No, I haven’t disappeared
More than 2 weeks without a blog post. Shame on me. In my defense, I was first sick and then crazily busy at work. But this cannot go on!
I’ll get back to writing as of now, and still target at least two posts per week. So check back regularly, or even better, subscribe!
I’ve already written about the St Matthew Passion some weeks ago here.
In the meantime, I had the extreme pleasure of hearing this masterpiece live in Lucerne, and played by none less than the magnificent Monteverdi Choir lead by Gardiner! To be fair, I haven’t always been convinced by some of Gardiners latest releases (especially this one), but I still consider him an absolute legend for Bach.
And I wasn’t disappointed. I wanted to write a review of this concert, but Sarah Bartschelet in her review on Backtrack has already done such an excellent job, that I just have to add that while Mark Padmore as Evangelist was indeed sublime, an absolute highlight for me was the counter-tenor Reginald Mobley, and Michael Niesemann on the first oboe. Both received standing ovations from the more than usually enthusiastic Swiss audience.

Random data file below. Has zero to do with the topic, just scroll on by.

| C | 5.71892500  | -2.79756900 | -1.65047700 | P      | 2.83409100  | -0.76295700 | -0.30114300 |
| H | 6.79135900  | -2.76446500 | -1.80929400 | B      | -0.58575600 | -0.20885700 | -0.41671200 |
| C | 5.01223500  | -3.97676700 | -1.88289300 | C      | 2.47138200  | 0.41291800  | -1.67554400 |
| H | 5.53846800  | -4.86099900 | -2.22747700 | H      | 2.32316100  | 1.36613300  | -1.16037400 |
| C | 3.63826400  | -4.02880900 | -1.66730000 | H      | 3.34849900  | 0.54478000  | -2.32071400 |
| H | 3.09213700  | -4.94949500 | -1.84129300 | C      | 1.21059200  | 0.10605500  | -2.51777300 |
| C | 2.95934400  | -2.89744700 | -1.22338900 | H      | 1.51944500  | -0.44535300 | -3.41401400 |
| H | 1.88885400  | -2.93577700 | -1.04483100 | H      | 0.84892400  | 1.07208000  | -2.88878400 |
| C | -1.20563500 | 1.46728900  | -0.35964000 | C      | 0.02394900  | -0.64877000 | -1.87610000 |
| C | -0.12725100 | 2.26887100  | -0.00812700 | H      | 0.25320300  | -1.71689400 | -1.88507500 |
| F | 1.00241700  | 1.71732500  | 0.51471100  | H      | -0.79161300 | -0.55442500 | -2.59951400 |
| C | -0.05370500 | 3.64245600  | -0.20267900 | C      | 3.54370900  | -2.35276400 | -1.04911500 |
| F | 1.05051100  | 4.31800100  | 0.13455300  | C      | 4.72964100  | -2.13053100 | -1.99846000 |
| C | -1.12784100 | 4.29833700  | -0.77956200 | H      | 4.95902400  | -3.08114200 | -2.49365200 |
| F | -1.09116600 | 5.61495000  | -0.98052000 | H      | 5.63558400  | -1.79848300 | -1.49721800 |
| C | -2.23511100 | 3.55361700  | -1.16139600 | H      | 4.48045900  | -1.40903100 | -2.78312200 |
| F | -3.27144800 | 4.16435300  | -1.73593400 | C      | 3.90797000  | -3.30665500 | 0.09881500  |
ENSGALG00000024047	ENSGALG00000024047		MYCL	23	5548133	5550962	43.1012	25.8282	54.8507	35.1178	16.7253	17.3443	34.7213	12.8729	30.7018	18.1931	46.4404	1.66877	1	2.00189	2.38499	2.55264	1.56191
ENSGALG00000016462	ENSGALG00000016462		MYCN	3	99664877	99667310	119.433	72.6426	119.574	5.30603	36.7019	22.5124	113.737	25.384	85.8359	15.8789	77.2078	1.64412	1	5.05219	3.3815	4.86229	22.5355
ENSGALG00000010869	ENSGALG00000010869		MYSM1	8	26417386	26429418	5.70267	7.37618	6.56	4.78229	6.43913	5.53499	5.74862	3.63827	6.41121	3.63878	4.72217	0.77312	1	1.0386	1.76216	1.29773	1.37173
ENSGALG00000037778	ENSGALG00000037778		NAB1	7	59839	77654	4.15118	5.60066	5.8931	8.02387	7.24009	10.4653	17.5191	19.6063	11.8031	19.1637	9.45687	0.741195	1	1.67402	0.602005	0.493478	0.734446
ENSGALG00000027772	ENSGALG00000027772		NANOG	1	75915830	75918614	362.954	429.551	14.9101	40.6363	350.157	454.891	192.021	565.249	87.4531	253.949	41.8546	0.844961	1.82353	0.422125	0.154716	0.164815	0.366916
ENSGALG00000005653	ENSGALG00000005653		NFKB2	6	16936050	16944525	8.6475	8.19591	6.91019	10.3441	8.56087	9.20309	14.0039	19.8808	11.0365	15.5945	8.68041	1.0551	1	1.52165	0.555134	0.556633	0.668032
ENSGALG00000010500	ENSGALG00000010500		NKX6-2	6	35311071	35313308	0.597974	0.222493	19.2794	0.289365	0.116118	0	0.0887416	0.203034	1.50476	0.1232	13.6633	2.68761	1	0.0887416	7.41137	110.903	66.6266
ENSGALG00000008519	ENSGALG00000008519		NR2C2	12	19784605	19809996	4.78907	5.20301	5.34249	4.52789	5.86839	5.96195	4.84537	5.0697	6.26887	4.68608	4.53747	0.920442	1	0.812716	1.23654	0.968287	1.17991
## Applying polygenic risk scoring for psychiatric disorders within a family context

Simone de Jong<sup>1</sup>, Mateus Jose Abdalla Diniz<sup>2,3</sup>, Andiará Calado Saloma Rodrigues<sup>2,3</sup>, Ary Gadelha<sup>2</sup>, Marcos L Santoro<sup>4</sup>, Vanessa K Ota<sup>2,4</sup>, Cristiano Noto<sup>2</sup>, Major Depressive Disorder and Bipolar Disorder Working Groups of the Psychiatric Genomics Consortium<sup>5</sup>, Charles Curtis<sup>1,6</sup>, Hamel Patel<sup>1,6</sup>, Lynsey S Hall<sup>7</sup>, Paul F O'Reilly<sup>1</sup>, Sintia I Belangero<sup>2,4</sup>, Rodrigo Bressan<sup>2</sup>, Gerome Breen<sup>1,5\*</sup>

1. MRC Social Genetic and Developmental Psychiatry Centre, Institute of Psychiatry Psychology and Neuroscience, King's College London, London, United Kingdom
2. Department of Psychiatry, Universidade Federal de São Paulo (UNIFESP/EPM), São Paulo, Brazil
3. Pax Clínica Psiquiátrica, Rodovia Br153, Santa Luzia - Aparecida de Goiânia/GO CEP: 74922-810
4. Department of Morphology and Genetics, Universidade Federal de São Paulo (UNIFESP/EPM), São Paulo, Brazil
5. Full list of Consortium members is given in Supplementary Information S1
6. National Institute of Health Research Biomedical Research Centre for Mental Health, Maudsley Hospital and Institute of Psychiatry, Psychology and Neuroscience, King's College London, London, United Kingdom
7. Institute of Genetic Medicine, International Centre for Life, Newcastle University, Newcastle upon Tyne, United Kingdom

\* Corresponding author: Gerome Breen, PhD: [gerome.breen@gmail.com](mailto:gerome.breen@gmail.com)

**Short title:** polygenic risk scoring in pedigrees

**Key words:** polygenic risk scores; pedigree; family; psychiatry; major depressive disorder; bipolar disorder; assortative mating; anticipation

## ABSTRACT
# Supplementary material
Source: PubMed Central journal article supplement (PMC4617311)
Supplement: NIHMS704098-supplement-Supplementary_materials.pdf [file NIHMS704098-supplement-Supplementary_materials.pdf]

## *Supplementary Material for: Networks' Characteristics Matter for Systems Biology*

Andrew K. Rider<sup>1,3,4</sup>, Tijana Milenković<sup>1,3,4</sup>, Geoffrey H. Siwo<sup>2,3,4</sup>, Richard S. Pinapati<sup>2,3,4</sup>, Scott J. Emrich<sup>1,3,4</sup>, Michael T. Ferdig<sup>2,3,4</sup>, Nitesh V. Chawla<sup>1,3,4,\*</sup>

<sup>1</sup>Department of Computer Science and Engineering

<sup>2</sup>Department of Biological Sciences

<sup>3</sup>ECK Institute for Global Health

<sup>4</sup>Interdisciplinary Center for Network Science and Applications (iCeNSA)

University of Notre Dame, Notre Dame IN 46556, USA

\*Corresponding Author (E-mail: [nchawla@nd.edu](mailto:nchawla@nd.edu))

St John Passion BWV245
The St John passion is often considered the “little brother” of the St Matthew Passion. I’d be hard pressed to say which one I prefer, both are absolute masterpieces.
In any case, why choose?
Philippe Pierlot – Ricercar Consort (Mirare 2011)
Again, there is no shortage of good versions available. I could have easily written about the Dunedin Consort again, Suzuki’s version is also fantastic, and Herreweghe again is reliable as usual.
However, let me write here about a different version which I particularly like. I first came across Philippe Pierlot in his beautiful album of the Bach Christmas cantatas (reviewed here).
What is special about this recording is the lightness of the playing and singing. Obviously, this is an extremely tragic subject (even if you’re not Christian), but Pierlot and his ensemble give us a very clean and balanced version. It is never too heavy or overloaded. Furthermore, the soloists all do an excellent job, particularly Matthias Vieweg as Jesus.
If you don’t speak German, I strongly recommend you follow the booklet to be able to follow the story. It is really amazing how Bach was able to match the atmosphere of every single moment of this tragic story of treason and suffering.
This recording was shortlisted for Gramophone’s Baroque Vocal album of the year.
My rating: 5 stars